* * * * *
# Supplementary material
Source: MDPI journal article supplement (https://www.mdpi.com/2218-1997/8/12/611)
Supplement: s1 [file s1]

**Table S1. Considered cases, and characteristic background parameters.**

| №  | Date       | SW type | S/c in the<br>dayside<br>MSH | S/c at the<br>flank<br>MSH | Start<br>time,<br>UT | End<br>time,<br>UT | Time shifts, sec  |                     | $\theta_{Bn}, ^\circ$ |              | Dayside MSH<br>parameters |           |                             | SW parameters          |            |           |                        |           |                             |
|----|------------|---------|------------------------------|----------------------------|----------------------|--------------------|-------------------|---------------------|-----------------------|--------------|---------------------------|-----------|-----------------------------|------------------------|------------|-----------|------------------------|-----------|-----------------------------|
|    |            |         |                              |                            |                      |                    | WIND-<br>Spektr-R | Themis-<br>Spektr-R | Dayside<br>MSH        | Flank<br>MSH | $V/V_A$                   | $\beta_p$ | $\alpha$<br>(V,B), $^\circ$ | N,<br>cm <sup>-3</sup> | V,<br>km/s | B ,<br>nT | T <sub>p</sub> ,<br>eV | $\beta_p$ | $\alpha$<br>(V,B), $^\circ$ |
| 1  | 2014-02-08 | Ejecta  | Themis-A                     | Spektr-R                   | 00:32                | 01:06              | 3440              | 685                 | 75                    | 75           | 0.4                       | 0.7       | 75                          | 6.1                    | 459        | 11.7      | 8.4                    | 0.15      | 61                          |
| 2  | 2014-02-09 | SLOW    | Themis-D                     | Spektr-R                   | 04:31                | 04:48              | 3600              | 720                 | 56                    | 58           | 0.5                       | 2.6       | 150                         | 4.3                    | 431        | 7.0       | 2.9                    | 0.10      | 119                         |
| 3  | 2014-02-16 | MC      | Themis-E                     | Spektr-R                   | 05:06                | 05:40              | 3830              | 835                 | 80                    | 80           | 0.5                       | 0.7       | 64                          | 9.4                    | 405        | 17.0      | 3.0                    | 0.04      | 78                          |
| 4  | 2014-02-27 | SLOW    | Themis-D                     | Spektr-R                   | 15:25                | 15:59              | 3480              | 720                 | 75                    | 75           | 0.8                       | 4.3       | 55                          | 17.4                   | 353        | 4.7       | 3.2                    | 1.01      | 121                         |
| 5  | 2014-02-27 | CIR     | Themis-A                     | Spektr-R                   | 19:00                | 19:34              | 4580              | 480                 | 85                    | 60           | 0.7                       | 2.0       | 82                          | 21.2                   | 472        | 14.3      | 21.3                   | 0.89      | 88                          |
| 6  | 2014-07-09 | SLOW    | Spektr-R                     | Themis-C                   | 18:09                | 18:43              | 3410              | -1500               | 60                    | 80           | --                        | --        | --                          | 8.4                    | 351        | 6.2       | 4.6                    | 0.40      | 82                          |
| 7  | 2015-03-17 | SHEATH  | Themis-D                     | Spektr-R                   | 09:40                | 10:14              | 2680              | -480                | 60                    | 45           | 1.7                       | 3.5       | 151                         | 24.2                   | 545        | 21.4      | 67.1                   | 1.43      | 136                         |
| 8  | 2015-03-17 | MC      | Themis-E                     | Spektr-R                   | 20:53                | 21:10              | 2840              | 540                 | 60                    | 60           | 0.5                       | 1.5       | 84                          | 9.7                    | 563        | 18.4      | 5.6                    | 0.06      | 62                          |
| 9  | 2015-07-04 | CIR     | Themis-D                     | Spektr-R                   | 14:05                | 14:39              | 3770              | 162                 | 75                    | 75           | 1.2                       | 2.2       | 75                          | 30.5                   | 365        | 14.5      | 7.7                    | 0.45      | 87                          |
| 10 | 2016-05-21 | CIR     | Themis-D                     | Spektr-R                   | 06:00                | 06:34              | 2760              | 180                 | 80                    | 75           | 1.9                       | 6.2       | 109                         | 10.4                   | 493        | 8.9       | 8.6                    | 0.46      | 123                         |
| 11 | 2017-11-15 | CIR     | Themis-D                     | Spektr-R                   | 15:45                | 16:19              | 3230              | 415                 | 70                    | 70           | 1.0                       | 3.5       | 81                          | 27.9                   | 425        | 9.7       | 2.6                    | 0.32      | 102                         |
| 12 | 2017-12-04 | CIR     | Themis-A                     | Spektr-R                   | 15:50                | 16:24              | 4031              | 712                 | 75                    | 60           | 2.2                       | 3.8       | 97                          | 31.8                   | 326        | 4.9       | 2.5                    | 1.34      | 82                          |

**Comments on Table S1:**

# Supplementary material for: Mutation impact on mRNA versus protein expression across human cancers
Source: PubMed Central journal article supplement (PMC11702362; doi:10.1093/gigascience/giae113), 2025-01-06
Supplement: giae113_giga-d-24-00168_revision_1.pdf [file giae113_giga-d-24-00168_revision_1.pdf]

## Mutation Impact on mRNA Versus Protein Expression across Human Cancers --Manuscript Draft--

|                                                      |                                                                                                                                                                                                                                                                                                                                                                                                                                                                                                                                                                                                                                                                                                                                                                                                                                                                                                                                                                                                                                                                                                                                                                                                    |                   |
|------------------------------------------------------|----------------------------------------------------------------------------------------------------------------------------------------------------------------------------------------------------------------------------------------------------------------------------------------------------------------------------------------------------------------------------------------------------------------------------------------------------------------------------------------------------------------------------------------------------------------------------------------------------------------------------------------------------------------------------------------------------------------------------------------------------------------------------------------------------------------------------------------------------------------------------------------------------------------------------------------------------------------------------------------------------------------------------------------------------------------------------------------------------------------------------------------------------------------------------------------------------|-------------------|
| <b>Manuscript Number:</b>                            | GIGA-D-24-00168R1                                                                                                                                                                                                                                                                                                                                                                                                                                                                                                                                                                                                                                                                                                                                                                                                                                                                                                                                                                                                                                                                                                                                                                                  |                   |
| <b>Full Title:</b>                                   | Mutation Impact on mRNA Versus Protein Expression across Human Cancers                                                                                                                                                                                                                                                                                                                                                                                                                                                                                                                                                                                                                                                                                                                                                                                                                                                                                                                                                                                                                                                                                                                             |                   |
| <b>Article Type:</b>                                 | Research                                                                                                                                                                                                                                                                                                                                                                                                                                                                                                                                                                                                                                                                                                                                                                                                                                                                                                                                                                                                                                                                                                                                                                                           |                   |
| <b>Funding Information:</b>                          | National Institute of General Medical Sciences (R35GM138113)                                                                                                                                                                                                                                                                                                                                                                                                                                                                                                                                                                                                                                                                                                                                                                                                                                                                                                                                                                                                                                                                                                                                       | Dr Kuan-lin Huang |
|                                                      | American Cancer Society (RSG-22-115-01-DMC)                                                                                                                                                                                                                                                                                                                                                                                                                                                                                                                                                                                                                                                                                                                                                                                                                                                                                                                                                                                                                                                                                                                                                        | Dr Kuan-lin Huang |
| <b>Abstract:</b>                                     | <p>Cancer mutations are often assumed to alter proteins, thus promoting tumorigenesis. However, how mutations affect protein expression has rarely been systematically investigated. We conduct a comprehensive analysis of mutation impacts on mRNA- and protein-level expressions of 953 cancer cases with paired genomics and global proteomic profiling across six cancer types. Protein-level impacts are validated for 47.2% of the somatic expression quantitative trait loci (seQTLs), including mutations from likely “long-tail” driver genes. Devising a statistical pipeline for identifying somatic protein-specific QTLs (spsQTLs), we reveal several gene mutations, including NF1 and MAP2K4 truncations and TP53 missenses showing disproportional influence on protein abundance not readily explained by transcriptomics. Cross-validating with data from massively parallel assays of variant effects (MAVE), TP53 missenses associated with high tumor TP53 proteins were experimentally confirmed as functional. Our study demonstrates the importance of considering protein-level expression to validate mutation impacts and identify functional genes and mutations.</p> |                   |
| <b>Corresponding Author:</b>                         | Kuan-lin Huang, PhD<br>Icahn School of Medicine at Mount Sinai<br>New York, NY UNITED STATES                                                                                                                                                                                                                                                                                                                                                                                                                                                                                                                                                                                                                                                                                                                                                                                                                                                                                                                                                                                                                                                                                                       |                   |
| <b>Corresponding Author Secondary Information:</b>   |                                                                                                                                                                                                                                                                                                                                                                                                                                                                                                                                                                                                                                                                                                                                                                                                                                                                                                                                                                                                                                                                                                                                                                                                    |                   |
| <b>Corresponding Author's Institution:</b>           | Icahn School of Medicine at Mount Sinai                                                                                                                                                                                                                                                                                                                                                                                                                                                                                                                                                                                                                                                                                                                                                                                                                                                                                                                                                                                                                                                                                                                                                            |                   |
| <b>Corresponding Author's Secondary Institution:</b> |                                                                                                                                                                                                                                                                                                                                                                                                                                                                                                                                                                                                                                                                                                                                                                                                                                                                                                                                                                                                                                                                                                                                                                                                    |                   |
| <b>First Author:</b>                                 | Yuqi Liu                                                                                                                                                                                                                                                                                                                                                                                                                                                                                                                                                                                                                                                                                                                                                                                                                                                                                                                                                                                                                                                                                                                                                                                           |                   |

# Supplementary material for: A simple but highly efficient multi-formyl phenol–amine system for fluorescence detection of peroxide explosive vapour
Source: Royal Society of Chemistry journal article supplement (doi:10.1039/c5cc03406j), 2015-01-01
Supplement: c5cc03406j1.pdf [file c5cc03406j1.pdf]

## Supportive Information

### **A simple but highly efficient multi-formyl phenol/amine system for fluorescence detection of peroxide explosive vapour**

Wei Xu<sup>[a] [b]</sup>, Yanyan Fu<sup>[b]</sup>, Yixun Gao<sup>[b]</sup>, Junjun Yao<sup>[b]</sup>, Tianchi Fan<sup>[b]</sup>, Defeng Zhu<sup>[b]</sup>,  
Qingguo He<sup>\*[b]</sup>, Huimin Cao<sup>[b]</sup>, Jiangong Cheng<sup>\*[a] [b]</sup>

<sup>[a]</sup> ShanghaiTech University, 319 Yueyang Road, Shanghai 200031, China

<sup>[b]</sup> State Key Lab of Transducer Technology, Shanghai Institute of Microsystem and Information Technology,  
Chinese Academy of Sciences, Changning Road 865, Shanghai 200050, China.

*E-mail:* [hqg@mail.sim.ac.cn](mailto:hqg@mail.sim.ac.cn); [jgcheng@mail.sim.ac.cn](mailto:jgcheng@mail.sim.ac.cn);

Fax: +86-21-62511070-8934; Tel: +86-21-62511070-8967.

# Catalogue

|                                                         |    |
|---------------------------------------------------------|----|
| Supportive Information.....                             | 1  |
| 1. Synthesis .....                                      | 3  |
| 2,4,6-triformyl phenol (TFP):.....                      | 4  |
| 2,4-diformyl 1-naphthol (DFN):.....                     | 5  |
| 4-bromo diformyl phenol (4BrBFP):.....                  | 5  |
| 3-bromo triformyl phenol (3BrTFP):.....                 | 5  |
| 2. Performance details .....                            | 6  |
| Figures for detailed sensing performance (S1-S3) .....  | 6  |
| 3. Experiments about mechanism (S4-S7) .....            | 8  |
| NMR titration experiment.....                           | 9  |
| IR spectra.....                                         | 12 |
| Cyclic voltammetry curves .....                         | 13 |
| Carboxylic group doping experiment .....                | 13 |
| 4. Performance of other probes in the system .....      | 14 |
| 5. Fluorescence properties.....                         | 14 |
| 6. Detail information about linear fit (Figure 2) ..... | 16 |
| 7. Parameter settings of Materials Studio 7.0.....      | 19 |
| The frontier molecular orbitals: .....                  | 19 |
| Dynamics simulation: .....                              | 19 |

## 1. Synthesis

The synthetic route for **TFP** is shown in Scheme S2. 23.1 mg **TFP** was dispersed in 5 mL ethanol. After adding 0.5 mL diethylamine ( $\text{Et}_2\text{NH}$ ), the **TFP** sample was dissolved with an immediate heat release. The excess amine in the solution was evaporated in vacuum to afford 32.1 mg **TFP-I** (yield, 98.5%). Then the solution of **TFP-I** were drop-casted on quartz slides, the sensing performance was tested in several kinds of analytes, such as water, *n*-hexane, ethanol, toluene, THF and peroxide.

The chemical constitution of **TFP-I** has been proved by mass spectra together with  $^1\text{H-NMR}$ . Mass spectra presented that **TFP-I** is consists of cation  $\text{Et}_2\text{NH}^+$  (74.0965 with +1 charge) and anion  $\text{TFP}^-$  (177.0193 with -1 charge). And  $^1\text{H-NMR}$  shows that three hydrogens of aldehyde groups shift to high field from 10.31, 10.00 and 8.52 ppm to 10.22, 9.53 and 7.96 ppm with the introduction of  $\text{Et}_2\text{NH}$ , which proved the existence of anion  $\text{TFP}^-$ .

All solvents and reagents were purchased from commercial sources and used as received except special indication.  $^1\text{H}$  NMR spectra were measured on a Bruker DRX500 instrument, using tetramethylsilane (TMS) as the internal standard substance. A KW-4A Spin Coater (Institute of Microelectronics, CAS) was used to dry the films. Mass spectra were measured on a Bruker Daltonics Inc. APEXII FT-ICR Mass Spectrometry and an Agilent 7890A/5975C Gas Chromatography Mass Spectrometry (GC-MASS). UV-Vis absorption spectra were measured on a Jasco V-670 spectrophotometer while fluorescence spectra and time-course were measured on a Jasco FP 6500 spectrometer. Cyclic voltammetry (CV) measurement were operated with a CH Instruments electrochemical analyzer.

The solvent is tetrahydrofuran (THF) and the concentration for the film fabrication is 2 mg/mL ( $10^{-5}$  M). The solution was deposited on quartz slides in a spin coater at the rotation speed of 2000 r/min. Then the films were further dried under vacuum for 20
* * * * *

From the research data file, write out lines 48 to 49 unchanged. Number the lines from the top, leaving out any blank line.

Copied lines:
*E-mail:* [hqg@mail.sim.ac.cn](mailto:hqg@mail.sim.ac.cn); [jgcheng@mail.sim.ac.cn](mailto:jgcheng@mail.sim.ac.cn);

Fax: +86-21-62511070-8934; Tel: +86-21-62511070-8967.